And what is relevant when we hear the way that we talk about these knowledges – the parallel knowledge systems – is an example of how the people, society, our knowledge and our priorities are set aside as an add-on, as something to inform the real decision-making. It’s politics. It’s a value-based decision on what’s prioritized and what is not.
The Fosen case is also really interesting when we talk about human rights: it is putting to the test the fundamental system of the nation state and the rule of law: the region Supreme Court has ruled that the concession for this windmill park is illegal because it violates Indigenous rights, it violates the right to culture. It clearly says in the verdict that it’s a violation of human rights, but the Norwegian government chooses not to respect this verdict. So this puts to the test the structures of our society.
What this is actually highlighting is that this is not a case of Saami rights, it’s not only a case of Indigenous rights, it’s a broad example of what happens if the states can pick and choose what verdict from their own court systems to respect or not. Whose rights are then put aside the next time? So this is actually a test to the Norwegian government and Norway as a state and not only a case of Saami rights.
Who’s knowledge counts, who’s values are prioritized and who is included in decision-making, are big questions. And the answer has implications not just for any single government, nation or people, but for democracy as such and the respect for human rights within it. So, what needs to happen in order for democracy and human rights to be upheld in sustainability transitions?
A.L.B.: What needs to happen is that Saami representatives and Saami representative bodies need to be included in policy processes and in decision-making. What we need is full and effective participation, because I’m convinced that no one else can take into account our perspectives, we can’t ask someone to consider us, that’s not equal and that’s not equity. We need to have our own representatives bringing forward our priorities and it needs to be in processes designed to participate on an equal level.
So I go back to the notion of two peoples, because that’s the core. We are now still seen as an interest group, but we are not a group with certain interests, we are rights holders and representatives of a people.
We can see that there have been small steps taken. Of course, we have the Saami Parliaments. The Saami Parliaments have very little room for making their own decisions and I wouldn’t go so far as to say that it’s a form of self-determination, since it’s so strictly controlled by the state.
The transition not actually green or just if human rights are violated doing it and that the priorities are chosen. I think that when we talk about this transition we all know what needs to happen to have a future or a more sustainable society: everyone will need to make compromises and everyone really needs to adapt. The core is that if we are to say that the transition is green and just, then we need to balance the field so that also Saami priorities can be taken into account and there also needs to be compromise from the other side.
It’s time and time again that one group that takes the decision-making power over another group and decides that the Saami priorities are not important. Saami culture is not important enough and Saami traditional livelihoods, our economies that we base our society on, are not important enough. That power relation needs to be adjusted.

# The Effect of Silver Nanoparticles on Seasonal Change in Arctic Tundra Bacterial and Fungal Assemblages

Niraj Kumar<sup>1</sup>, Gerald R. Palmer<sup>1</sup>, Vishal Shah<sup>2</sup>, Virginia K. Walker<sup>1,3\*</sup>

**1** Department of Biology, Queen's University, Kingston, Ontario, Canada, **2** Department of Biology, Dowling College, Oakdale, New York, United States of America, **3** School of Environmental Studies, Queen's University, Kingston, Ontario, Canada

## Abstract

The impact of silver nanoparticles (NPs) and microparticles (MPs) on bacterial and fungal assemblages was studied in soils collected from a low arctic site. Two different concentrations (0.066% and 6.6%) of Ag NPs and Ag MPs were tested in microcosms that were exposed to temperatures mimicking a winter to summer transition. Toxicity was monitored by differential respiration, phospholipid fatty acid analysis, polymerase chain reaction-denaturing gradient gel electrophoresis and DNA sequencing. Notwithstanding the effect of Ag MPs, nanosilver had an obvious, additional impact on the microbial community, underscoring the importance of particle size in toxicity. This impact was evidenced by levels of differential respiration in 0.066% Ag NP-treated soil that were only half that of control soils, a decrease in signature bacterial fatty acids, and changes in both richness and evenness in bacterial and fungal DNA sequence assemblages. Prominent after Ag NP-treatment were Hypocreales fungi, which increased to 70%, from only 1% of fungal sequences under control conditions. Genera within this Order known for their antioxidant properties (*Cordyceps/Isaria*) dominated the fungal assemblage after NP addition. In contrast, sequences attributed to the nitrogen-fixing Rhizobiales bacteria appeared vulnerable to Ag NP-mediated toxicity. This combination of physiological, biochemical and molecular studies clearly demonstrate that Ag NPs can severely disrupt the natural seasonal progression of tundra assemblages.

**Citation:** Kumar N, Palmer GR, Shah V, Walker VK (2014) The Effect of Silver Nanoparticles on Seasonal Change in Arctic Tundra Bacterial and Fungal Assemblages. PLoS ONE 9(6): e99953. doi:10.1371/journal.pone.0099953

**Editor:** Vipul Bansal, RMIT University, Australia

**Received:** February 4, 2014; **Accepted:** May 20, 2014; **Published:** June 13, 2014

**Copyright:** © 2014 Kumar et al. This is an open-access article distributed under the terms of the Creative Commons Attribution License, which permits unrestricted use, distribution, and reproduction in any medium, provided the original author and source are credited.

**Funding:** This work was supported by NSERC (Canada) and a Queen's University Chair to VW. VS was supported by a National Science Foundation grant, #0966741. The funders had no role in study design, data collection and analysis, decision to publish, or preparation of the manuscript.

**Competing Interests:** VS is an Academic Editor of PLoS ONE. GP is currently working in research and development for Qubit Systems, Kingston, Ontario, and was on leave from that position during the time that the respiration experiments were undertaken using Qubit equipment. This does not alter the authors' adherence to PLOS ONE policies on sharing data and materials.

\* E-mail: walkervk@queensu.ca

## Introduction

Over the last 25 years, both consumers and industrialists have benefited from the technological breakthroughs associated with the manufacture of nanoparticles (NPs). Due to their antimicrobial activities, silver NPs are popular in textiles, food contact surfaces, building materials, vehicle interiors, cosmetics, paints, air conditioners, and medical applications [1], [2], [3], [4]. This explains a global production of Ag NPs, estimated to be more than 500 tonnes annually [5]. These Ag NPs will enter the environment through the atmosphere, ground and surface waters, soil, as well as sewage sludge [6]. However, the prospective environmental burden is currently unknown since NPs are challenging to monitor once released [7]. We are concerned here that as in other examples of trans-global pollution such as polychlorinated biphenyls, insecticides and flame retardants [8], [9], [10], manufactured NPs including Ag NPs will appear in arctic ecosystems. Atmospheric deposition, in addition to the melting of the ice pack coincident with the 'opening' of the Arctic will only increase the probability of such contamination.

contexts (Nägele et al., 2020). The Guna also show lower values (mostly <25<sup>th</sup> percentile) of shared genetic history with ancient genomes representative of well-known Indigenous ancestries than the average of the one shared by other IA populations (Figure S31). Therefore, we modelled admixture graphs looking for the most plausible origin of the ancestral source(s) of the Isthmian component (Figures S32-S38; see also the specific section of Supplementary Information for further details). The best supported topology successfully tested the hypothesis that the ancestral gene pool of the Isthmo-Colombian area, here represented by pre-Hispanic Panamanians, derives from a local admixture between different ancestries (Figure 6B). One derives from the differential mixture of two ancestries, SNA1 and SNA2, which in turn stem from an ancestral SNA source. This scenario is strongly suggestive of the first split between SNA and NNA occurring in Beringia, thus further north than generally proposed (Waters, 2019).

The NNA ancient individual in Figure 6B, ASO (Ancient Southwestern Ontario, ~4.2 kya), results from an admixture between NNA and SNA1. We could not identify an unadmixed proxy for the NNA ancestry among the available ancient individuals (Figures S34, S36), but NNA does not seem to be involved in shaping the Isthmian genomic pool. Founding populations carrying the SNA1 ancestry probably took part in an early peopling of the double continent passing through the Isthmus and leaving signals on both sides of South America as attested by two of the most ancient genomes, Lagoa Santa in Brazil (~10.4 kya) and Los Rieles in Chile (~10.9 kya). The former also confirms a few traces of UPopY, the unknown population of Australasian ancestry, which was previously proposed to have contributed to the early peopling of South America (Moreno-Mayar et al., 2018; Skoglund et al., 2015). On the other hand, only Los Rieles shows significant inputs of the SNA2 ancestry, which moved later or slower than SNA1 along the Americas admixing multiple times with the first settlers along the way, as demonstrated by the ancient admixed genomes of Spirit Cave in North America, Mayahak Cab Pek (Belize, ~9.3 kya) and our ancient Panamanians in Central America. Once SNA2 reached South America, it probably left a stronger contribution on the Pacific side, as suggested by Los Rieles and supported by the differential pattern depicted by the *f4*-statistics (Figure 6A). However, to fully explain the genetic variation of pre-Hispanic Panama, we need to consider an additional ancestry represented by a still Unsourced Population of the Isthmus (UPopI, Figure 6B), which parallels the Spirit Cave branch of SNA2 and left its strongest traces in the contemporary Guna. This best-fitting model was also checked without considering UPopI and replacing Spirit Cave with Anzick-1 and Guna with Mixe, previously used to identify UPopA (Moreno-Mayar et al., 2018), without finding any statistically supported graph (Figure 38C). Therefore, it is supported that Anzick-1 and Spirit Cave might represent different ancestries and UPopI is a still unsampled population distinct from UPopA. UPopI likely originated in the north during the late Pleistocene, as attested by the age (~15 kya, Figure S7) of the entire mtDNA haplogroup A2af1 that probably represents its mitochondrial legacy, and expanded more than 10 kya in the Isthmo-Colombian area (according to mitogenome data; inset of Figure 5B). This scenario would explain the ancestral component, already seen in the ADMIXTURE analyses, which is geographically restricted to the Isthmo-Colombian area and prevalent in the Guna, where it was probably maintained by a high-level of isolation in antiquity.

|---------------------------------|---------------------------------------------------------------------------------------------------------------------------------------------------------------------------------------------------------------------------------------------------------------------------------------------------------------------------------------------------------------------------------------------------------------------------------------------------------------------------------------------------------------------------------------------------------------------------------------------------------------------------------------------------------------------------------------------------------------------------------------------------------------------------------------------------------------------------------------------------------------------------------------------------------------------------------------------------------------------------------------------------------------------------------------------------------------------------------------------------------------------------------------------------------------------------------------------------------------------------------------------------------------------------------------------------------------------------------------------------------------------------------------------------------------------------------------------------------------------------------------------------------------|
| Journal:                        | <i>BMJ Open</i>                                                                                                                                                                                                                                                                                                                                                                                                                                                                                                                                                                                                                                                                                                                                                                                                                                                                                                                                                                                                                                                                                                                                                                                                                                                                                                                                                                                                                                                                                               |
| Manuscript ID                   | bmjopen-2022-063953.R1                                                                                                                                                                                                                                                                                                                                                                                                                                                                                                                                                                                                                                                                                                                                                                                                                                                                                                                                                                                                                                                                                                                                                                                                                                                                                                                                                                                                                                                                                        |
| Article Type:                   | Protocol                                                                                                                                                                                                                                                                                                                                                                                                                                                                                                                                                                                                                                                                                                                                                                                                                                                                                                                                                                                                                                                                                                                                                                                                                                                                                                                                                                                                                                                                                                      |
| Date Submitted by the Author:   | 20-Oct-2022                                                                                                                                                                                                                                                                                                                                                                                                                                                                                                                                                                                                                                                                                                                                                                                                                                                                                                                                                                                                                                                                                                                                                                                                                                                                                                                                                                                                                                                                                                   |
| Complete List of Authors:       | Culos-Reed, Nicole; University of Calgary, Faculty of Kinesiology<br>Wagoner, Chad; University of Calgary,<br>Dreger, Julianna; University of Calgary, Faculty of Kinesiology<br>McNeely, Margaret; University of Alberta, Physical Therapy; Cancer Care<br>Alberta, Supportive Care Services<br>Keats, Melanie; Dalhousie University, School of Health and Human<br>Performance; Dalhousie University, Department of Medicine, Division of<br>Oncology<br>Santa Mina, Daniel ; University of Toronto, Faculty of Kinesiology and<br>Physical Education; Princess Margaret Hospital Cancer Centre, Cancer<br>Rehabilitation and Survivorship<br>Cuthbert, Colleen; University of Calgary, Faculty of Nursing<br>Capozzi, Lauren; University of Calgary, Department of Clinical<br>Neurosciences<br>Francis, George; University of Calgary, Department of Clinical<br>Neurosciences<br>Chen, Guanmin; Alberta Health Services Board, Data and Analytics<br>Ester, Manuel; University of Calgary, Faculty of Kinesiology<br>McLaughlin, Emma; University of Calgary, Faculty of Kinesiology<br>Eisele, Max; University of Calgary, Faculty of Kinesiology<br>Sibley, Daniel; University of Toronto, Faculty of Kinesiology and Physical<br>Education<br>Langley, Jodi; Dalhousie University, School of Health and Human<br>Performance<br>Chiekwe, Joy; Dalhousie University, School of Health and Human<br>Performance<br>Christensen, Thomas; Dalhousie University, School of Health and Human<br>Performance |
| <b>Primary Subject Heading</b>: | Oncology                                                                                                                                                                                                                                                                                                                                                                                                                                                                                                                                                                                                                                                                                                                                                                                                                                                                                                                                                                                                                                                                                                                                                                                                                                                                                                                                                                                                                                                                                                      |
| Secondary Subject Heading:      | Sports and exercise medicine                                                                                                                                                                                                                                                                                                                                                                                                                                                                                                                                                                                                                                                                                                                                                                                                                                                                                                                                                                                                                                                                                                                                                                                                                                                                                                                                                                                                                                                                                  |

A.L.: It will be very difficult to produce a transition that is equally just to all and doesn’t reinforce the inequities that we have already produced in the societies that we have. I think that’s one of the key points that it’s not possible to do a transition that is sustainable or that is perceived as just if you do not take these already existing vulnerabilities and inequities to heart, it needs to begin with that.
And this was also recognized in the IPCC report where they say that we need to understand adaptation and sustainable adaptations in this context. It needs to address these power relations. It needs to address inequities, marginal marginalization, etc.
But it’s also, in the end, in terms of distribution – what is desirable and what is not? That is always value-based. That is always political. So it’s also about making it transparent when we’re faced with a situation where not all actors can benefit equally or where some people’s values must be lost, then it needs to be much more transparent how those decisions are made.
One of the tools that we use to do that are rights-based approaches. You can think of rights-based approaches as sort of a red line: not willing to sacrifice certain things and violating, for example, established human rights is one of those.
L.D.D.: I would hope that more people start understanding climate and environmental changes as social and political struggles, in addition to the environmental and economic problem that dominates the current discourse, and that this is also followed by political will.
A.L.: What we’ve seen in our research is that now when we talk about transitions, we talk about adaptation in a way that is imagining the future. So rather than being reactive, which we see that a lot of the actual adaptation measures are and we highlight the urgency of wind power or critical minerals. When something is urgent, you have a tendency of pushing through and then perhaps sort of skipping some of the other principles that tend to be important.
For example, democratic principles in terms of who is included in decisions and who is heard and how consequences are measured. There is a reason sometimes that decisions need to take time. This is one of the key tensions here, I think, because now a lot of these issues are, in fact, urgent. But we can’t let the urgency let us overrule a lot of other urgent democratic matters.
We also try to work with different methods, where the future is not just something that happens, it’s something that we create right here, right now with the decisions that we make, if we actually start acknowledging that we that we actually have the power, in a way, to imagine better, more just and equitable futures. But then we also need to be willing to take the measures – even though they may be very difficult – that are needed to take us there.